The Doughnut: A framework for the entrepreneurs taking on 21st century challenges

How can we provide social foundations for all, within our ecological limits? What kind of economic mind-set would get us there? How should entrepreneurs think about their business, and its role to resources and the natural world?

Our current model – pursuit of growth at any cost – is clearly not taking these kinds of questions into consideration. Economies grow, but people do not feel they have better lives. In the UK, the percentage of people reporting themselves ‘very happy’ declined from 52% in 1957 to 36% in 2005, despite real income doubling in that period.

Our current way of quantifying success in society - GDP growth - does not actually correlate with increases in happiness, wellbeing, life expectancy, or the Social Progress Index once people have the basic material necessities of life. In fact, once a country hits about $20,000 per person – less than half that of the UK – there isn’t a strong correlation between further growth and Social Progress.

Endless growth in consumption is not a formula for the kind of economy that delivers prosperous lives, or one that reflects planetary limits.What makes matters worse, is these growth-based models are directly in contention with our long-term ability to thrive on this planet.

So how do we re-orientate business and economics to make it deliver prosperous lives more effectively, and without jeopardising humanity’s long-term odds to survive? If entrepreneurs see their role as building a better world, as opposed to simply accumulating wealth, these questions need to be answered.

Oxford Economist Kate Raworth has set out a new framework for tackling these issues called The Doughnut.

Kate Raworth's Doughnut:

Kate Raworth's Doughnut:

The Doughnut uses important planetary boundaries research to set out earth’s life supporting systems, which we depend on. Once this is recognised, the challenge is providing an expanding population with enough of a social foundation so that all their human rights are met.

Essentially, this recognises that humans thrive thanks to the balance of earths eco-systems. How can we create businesses, and economic practices more broadly that recognise this, and become part of that fine balance, instead of exploiting it?

From linear and degenerative to sustainable and regenerative

The main way the Doughnut encourages us to think about our economic practises is to move from the ‘degenerative’ models of the industrial revolution, to the ‘regenerative’ models of the 21st century.

Degenerative (also referred to as linear, or extractive) is the type of economic practise that takes a natural resource, commodifies it, turns it into a product, then waste. It looks something like this:

Regenerative models aim not only to be sustainable, but to be generous. To build long-term models for prosperity, our economies need to shift from degenerative and extractive not only to sustainable, but to regenerative. 

We need businesses that help transform our economic practices from a linear one to a sustainable, or even a regenerative one. This could be by examining their own models, or by taking the resources from a broader resource patterns. Take coffee beans as an example – less than 1% of each bean is used for the actual coffee. That leaves lots of precious organic matter that can be used for growing other things. Or, as bio-bean demonstrate, can be turned into clean energy.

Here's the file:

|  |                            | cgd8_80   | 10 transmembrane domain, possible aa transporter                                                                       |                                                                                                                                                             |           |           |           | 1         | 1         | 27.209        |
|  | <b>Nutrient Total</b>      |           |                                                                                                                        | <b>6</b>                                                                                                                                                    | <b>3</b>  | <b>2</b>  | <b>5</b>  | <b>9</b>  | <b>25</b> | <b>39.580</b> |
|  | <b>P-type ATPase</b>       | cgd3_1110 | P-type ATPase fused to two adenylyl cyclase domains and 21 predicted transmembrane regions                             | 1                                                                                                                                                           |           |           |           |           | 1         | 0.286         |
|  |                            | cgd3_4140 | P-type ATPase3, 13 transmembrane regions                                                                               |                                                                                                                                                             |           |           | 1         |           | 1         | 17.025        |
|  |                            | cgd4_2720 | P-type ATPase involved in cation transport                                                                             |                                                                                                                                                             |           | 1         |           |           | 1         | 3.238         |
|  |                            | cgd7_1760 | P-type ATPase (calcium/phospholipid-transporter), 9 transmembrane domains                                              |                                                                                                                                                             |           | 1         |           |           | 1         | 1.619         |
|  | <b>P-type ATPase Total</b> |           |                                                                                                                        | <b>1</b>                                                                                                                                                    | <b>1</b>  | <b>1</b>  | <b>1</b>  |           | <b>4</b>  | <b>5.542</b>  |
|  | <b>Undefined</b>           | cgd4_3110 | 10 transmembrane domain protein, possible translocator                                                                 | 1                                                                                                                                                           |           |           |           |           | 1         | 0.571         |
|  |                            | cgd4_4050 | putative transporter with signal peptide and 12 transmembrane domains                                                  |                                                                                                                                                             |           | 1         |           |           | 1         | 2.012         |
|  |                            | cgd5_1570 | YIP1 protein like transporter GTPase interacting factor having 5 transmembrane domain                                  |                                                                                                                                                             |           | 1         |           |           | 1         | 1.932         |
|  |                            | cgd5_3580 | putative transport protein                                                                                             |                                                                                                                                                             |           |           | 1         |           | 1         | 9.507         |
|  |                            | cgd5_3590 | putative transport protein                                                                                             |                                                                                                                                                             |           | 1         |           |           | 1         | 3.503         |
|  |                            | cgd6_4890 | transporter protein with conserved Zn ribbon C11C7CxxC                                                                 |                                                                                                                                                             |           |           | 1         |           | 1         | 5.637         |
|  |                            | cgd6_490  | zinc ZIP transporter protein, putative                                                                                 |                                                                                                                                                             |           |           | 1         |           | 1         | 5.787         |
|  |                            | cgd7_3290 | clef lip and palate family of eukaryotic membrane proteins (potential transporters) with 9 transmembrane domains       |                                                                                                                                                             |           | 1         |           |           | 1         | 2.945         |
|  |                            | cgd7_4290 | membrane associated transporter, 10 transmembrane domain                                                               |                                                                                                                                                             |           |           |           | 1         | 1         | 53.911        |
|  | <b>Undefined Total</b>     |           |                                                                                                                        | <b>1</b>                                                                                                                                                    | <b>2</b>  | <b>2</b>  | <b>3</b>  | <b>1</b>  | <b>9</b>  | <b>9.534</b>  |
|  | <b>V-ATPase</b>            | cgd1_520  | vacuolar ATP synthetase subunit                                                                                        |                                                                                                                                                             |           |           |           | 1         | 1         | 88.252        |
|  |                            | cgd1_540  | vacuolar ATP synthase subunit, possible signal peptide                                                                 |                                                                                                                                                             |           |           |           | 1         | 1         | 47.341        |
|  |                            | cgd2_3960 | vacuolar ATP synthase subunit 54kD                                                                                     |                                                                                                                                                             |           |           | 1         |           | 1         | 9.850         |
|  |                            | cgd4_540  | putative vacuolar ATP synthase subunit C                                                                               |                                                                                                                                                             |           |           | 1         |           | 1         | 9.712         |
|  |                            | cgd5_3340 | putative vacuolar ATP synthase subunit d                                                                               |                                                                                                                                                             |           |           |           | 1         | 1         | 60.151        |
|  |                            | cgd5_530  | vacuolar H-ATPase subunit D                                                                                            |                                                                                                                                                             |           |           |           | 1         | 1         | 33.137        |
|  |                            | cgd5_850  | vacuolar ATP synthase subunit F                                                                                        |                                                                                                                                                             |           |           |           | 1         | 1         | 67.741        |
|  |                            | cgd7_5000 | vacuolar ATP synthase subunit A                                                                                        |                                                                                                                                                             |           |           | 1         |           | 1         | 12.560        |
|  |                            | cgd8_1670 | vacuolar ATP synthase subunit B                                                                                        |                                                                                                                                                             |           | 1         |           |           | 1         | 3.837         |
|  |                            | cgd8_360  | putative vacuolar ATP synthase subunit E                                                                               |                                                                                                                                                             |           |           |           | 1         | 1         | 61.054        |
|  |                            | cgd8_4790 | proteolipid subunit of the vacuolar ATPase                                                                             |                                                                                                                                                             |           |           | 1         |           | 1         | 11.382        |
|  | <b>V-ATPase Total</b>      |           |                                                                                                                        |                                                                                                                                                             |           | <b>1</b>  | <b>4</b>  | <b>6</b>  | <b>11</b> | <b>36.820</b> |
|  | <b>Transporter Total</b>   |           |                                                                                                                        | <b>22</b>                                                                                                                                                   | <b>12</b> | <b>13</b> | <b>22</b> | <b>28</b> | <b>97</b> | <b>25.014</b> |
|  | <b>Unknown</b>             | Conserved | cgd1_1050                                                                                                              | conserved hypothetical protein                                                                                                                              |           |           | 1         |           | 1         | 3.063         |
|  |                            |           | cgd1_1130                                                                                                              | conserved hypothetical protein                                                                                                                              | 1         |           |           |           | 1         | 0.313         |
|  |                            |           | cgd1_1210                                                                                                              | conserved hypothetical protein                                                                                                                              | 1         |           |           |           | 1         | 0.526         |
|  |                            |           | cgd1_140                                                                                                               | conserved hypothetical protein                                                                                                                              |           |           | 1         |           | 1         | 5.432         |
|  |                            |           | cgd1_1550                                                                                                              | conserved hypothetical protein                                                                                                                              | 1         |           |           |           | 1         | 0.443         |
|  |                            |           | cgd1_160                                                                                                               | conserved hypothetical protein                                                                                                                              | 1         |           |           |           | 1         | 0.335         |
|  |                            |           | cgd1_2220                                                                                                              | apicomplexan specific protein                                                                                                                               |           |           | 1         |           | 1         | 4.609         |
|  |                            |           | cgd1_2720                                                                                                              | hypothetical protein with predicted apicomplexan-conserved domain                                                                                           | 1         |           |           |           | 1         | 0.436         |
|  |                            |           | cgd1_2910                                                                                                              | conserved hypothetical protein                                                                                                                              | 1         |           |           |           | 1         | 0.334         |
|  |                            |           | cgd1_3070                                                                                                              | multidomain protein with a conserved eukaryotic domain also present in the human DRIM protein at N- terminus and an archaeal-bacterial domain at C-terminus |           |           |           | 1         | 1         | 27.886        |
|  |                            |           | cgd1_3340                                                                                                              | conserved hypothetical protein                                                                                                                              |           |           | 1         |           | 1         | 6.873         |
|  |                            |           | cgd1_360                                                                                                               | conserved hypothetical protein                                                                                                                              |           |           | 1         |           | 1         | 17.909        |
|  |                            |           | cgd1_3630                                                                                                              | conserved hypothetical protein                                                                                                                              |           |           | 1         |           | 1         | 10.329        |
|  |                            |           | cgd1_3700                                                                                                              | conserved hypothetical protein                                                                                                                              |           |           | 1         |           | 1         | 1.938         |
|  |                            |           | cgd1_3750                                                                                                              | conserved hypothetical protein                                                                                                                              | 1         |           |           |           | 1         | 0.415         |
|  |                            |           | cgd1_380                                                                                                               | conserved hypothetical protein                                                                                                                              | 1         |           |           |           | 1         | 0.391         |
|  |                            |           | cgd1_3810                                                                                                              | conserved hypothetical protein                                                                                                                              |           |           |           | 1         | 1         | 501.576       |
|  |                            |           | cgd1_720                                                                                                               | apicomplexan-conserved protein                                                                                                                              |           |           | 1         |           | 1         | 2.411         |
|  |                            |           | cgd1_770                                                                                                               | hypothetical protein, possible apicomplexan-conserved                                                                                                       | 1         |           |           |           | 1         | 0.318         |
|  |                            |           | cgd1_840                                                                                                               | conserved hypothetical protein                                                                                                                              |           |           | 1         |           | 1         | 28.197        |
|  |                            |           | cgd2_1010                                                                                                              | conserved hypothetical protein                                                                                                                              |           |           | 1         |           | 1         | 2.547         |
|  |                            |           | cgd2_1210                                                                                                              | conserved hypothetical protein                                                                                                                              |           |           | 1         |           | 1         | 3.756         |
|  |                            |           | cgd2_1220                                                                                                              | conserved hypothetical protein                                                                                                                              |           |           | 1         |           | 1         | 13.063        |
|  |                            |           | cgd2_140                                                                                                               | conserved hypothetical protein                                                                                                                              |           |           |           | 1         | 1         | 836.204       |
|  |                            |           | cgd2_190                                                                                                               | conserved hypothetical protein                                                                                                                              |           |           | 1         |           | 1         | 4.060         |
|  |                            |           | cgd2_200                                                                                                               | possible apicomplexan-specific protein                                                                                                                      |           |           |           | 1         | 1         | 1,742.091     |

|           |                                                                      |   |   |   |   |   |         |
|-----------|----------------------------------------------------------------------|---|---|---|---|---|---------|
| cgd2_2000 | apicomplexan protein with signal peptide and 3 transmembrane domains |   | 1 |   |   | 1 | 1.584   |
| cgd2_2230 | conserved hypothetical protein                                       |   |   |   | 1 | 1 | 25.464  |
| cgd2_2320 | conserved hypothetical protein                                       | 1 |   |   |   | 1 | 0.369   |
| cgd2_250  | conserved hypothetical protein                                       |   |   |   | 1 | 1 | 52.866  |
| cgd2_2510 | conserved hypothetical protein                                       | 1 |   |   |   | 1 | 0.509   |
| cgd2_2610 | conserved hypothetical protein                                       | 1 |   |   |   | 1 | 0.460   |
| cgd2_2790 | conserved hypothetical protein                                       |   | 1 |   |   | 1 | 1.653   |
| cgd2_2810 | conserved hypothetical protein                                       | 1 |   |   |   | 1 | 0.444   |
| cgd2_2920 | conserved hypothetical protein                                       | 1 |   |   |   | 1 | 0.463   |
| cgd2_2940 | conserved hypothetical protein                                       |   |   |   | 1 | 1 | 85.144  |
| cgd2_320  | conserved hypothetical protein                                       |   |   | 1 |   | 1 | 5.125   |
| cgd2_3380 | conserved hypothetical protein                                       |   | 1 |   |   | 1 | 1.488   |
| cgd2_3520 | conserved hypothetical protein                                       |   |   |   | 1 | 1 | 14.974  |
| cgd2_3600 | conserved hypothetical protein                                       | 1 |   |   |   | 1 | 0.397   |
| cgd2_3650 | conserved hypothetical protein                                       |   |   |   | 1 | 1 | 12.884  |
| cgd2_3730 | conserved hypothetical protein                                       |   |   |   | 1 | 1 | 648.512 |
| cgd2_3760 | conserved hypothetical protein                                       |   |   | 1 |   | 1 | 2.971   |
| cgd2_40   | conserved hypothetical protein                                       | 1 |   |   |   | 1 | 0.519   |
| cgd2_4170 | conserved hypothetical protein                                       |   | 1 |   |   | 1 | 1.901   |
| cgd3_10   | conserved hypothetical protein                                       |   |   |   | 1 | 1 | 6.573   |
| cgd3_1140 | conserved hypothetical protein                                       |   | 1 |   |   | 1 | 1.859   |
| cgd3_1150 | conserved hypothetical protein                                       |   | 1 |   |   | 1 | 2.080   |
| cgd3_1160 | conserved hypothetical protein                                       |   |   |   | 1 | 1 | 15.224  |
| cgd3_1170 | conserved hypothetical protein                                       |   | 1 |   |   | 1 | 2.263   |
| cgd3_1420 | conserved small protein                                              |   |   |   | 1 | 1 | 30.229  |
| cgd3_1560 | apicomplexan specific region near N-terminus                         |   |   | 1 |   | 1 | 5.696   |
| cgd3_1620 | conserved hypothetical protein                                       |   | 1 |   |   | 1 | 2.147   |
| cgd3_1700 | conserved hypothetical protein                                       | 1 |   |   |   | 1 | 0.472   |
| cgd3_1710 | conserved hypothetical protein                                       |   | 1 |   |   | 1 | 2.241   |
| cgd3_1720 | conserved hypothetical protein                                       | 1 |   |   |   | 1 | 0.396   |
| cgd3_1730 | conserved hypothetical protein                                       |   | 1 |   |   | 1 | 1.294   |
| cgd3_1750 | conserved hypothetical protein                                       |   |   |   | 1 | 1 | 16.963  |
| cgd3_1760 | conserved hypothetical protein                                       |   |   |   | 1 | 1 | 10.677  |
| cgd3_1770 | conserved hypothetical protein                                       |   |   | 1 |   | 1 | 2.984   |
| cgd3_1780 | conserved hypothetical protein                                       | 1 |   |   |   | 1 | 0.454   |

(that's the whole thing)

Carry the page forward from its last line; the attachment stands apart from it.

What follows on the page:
Below are two diagrams which illustrate the degenerative model which exploits resources for gain, and regenerative, which accepts that we are reliant on vibrant ecosystems. 


Linear, degenerative model - Taken from  Doughnut Economics: Seven Ways to Think Like a 21st-Century Economist

Linear, degenerative model - Taken from Doughnut Economics: Seven Ways to Think Like a 21st-Century Economist


The Butterfly Economy - Taken from  Doughnut Economics: Seven Ways to Think Like a 21st-Century Economist

The Butterfly Economy - Taken from Doughnut Economics: Seven Ways to Think Like a 21st-Century Economist

From Kate Raworth’s Doughnut Economics: 7 ways to think like a 21st century economist, here is the spread of business attitudes

  1. Do Nothing: Businesses see environmental factors as irrelevant, and are happy to exploit and profit, creating short term value at the long-term expense of human’s flourishing
  2. Do what pays: Greening some products, or taking “eco-efficient measures that cut costs, or boost the brand”
  3. Do our fair share: Taking on some responsibility, but ultimately still seeing it as a burden. Also, considering how much ecological goodness can we consume rather than how much they can contribute. In other words, “Still trapped in the degenerative mindset”
  4. Do no Harm: Complete sustainability
  5. Be Generous: “Give back to the living systems of which we are a part” - whether that's by producing energy, clean air, or water, some businesses are being generous to their environments

Which businesses do you know that exemplify step four? How about step five? These are the kinds of businesses that will help move us into the Doughnut's safe space for humanity. This is the kind of practice that must urgently be aimed for.